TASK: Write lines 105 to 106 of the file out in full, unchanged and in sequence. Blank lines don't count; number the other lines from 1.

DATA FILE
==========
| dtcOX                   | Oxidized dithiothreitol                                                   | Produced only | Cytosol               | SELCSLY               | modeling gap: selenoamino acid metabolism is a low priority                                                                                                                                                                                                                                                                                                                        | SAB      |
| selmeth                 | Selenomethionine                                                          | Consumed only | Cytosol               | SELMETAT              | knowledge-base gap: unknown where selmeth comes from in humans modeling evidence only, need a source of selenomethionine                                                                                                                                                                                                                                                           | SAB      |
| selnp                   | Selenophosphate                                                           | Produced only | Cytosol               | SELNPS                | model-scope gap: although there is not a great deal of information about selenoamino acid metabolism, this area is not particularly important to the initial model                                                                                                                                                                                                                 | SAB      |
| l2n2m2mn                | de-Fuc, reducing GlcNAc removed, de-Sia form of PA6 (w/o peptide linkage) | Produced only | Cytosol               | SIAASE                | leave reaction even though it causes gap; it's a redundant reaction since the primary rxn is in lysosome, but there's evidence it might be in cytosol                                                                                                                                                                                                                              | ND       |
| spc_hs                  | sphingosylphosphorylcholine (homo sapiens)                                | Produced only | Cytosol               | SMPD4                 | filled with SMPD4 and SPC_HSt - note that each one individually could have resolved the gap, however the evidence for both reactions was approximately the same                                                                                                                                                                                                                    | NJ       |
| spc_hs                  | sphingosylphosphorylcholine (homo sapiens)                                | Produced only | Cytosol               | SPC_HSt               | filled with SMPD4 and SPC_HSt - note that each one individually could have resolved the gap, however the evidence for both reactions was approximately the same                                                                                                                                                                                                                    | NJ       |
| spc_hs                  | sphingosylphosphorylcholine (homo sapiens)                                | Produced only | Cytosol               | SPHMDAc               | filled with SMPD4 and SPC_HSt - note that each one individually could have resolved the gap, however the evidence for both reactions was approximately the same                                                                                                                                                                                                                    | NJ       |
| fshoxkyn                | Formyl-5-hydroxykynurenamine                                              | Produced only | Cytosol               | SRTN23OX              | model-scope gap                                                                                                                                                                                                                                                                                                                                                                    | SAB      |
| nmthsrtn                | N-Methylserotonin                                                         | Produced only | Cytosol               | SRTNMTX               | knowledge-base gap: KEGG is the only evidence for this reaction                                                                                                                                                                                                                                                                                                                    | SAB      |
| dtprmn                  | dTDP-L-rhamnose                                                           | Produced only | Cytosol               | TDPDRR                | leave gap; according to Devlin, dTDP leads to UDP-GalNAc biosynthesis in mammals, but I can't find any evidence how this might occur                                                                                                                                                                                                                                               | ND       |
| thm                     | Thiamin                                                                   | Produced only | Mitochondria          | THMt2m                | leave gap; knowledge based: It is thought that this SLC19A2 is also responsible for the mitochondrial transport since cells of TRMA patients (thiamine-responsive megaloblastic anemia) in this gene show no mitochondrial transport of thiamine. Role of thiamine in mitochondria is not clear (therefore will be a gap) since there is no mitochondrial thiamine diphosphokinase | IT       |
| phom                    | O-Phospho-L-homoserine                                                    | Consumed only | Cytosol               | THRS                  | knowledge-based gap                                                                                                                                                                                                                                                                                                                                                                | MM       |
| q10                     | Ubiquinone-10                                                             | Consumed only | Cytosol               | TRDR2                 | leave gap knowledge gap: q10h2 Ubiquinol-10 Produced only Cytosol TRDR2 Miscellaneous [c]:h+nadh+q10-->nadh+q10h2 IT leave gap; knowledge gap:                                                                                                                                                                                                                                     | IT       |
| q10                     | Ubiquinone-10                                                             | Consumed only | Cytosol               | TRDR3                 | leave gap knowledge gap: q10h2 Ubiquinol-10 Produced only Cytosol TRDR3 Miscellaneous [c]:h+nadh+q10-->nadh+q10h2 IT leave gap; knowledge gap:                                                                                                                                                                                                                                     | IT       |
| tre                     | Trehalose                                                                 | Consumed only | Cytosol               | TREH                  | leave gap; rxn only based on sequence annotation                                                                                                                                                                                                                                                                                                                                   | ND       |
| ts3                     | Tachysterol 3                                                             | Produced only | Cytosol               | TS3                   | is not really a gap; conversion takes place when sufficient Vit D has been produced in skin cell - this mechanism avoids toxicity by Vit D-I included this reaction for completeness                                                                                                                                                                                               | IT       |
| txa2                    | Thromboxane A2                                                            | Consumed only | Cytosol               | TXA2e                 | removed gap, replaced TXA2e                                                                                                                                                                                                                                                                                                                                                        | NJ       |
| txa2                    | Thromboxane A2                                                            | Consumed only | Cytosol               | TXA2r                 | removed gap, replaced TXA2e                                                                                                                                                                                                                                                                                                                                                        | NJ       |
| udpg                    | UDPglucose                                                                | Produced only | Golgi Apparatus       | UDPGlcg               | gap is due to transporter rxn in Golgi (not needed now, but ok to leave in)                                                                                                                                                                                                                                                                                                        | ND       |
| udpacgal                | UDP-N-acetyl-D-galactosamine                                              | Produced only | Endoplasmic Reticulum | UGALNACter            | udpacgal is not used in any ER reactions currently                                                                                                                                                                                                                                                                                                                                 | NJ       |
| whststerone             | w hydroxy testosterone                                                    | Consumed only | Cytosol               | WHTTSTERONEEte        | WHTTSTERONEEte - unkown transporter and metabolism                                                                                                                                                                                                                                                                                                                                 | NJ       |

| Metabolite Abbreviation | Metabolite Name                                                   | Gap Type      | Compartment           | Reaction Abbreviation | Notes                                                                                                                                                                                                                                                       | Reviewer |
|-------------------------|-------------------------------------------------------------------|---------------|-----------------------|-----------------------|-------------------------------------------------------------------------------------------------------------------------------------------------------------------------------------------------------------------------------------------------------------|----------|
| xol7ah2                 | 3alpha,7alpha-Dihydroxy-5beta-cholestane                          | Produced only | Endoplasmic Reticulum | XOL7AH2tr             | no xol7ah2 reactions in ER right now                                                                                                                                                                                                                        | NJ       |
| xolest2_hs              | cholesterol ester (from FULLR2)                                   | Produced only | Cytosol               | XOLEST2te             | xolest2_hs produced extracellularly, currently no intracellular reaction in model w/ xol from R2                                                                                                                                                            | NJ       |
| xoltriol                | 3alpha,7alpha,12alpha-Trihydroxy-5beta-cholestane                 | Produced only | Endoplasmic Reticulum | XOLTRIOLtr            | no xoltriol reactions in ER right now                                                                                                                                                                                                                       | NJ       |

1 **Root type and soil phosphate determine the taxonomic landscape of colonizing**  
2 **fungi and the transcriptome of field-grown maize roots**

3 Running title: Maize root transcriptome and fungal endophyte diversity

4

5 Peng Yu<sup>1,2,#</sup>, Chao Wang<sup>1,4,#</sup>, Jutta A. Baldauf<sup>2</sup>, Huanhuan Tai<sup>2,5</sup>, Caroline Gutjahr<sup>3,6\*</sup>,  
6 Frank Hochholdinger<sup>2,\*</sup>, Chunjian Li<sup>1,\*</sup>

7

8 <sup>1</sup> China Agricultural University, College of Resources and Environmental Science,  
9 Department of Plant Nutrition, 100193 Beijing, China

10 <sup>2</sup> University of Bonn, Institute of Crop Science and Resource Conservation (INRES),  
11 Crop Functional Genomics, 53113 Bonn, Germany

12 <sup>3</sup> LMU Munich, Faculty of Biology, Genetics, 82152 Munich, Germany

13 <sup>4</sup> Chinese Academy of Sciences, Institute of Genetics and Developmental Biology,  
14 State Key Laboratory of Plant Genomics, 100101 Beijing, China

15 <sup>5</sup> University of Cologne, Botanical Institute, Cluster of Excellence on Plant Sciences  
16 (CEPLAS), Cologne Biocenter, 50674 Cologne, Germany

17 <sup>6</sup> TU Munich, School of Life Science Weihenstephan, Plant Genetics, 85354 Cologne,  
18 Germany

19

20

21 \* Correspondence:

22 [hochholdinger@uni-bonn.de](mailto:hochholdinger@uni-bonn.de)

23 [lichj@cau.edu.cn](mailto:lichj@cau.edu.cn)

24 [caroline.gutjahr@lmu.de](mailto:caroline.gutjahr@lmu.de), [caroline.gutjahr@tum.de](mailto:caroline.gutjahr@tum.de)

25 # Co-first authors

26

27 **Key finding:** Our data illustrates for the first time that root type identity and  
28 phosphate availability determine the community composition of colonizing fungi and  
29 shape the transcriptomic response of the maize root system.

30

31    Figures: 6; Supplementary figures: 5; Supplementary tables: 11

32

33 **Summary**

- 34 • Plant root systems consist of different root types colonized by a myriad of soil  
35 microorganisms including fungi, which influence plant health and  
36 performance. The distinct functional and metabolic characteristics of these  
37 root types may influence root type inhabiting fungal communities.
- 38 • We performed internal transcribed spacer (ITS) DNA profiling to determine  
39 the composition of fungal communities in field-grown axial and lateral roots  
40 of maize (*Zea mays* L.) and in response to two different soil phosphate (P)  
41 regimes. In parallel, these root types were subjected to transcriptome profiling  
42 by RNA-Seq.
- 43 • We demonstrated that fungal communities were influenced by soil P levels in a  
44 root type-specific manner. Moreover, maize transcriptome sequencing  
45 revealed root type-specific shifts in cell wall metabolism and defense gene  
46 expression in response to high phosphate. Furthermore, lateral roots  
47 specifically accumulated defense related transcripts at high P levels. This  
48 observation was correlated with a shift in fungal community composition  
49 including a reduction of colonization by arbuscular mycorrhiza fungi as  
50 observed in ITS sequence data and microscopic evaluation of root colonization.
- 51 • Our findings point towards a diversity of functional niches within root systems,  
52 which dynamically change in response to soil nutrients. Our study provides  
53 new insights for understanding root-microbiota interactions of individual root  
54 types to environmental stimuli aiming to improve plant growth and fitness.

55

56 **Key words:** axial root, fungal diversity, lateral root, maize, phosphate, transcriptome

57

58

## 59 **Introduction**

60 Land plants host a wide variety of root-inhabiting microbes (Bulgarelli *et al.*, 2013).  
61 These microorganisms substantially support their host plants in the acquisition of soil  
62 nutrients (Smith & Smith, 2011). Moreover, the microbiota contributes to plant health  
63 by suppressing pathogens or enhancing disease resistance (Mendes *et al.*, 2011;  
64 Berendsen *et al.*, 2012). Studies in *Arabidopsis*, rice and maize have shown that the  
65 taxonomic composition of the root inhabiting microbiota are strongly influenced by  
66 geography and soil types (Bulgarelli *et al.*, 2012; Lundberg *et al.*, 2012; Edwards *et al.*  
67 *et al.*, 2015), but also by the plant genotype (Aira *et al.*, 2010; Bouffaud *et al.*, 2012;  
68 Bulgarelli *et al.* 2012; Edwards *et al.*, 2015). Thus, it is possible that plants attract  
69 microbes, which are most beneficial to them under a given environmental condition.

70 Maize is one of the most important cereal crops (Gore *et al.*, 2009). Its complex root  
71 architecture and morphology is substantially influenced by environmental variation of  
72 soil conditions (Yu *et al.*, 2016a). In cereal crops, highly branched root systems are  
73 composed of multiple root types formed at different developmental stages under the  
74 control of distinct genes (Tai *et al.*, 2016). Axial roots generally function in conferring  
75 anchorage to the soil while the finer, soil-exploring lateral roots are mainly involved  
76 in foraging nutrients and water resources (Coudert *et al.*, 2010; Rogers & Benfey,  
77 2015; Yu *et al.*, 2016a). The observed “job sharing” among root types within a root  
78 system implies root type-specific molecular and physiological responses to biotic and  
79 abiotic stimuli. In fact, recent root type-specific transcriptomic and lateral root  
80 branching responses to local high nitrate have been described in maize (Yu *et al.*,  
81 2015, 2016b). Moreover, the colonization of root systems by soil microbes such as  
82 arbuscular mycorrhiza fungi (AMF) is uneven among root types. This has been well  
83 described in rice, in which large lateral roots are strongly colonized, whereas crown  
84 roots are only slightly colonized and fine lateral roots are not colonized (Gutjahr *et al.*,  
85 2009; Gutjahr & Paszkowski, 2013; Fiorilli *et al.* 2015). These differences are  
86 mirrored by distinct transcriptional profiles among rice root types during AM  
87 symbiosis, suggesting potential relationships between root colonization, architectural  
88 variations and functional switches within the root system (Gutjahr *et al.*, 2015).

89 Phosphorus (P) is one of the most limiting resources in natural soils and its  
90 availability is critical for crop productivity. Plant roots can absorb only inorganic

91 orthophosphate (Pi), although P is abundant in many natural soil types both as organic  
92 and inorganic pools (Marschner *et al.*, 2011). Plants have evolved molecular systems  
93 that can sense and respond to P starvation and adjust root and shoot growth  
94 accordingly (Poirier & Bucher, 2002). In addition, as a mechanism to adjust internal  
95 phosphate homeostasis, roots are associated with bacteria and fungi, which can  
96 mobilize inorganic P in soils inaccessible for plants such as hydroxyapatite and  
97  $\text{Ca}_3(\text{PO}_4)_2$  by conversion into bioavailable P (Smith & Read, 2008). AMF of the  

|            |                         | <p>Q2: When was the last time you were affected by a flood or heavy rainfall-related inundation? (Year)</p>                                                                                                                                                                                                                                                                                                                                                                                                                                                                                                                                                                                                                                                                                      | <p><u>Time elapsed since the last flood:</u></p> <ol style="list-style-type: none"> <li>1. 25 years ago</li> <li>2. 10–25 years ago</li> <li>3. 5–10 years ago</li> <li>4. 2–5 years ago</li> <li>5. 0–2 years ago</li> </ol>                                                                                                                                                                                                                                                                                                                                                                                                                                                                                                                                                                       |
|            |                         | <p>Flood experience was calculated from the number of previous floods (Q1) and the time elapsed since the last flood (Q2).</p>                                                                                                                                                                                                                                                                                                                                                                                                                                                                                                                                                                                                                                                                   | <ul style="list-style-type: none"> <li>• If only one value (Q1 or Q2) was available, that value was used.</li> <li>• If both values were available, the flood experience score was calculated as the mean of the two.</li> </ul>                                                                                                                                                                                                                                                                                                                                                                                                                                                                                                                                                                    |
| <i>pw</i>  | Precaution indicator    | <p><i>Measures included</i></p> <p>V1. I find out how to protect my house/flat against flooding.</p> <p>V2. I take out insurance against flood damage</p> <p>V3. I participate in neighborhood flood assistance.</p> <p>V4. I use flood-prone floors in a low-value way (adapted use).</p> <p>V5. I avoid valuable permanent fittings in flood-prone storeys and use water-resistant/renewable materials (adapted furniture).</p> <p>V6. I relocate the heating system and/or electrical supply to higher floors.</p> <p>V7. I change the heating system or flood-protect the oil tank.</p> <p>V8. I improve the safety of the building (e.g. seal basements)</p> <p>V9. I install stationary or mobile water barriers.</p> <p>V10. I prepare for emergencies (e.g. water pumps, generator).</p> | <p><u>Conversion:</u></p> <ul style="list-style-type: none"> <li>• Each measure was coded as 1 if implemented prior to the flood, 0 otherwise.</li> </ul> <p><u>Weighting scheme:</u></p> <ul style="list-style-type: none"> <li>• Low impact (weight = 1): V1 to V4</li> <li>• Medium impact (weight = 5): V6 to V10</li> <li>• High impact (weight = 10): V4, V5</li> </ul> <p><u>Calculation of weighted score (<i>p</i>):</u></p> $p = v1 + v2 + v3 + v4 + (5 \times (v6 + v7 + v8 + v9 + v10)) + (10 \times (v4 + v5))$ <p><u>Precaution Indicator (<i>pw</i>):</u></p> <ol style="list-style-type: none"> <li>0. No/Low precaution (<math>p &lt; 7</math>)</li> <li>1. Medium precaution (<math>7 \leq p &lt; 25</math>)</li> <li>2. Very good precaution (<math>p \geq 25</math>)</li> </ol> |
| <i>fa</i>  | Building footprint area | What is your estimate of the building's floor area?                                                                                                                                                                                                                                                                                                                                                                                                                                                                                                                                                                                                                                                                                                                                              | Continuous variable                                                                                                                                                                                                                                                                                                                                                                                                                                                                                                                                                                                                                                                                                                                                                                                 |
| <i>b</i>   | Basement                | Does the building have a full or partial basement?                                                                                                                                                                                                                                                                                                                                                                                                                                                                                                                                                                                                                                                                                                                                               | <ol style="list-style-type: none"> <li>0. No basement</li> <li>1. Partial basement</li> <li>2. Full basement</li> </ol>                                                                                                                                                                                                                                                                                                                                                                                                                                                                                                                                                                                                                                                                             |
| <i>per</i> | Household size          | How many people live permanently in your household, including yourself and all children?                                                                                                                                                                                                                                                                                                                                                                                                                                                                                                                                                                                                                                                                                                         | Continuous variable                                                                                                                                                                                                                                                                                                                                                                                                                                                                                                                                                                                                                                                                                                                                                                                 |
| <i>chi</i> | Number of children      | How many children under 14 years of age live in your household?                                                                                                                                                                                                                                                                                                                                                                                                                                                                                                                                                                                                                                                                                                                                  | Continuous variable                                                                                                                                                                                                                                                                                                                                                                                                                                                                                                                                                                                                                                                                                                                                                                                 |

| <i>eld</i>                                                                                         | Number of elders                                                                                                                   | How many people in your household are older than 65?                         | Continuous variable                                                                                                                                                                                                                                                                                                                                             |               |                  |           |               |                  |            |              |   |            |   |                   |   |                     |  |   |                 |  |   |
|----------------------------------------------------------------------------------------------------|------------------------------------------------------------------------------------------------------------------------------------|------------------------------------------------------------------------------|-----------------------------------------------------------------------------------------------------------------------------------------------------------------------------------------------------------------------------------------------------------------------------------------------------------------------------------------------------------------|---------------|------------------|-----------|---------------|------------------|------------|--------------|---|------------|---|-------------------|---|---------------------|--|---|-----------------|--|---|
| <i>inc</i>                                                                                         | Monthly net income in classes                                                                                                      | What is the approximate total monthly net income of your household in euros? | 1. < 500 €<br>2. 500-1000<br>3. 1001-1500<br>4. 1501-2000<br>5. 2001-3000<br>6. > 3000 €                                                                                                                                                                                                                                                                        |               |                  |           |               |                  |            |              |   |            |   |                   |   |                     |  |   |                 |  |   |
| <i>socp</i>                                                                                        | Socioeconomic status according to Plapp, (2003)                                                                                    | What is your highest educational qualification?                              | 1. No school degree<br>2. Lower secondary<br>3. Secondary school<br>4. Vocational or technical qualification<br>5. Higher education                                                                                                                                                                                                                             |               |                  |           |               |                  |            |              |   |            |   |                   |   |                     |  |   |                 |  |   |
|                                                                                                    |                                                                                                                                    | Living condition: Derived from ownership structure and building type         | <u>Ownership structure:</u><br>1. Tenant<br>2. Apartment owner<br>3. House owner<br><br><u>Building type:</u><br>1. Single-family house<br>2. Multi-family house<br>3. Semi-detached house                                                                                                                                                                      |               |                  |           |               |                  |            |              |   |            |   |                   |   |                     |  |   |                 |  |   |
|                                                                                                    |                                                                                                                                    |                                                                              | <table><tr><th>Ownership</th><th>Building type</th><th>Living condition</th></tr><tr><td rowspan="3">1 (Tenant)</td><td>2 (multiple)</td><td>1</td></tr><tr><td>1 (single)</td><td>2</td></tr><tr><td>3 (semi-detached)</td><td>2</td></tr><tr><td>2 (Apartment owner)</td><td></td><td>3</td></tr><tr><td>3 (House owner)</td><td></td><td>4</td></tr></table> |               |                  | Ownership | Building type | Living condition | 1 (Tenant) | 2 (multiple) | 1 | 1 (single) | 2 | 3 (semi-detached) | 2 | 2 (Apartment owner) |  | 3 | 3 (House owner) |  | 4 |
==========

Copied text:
79 abiotic stimuli. In fact, recent root type-specific transcriptomic and lateral root  
80 branching responses to local high nitrate have been described in maize (Yu *et al.*,  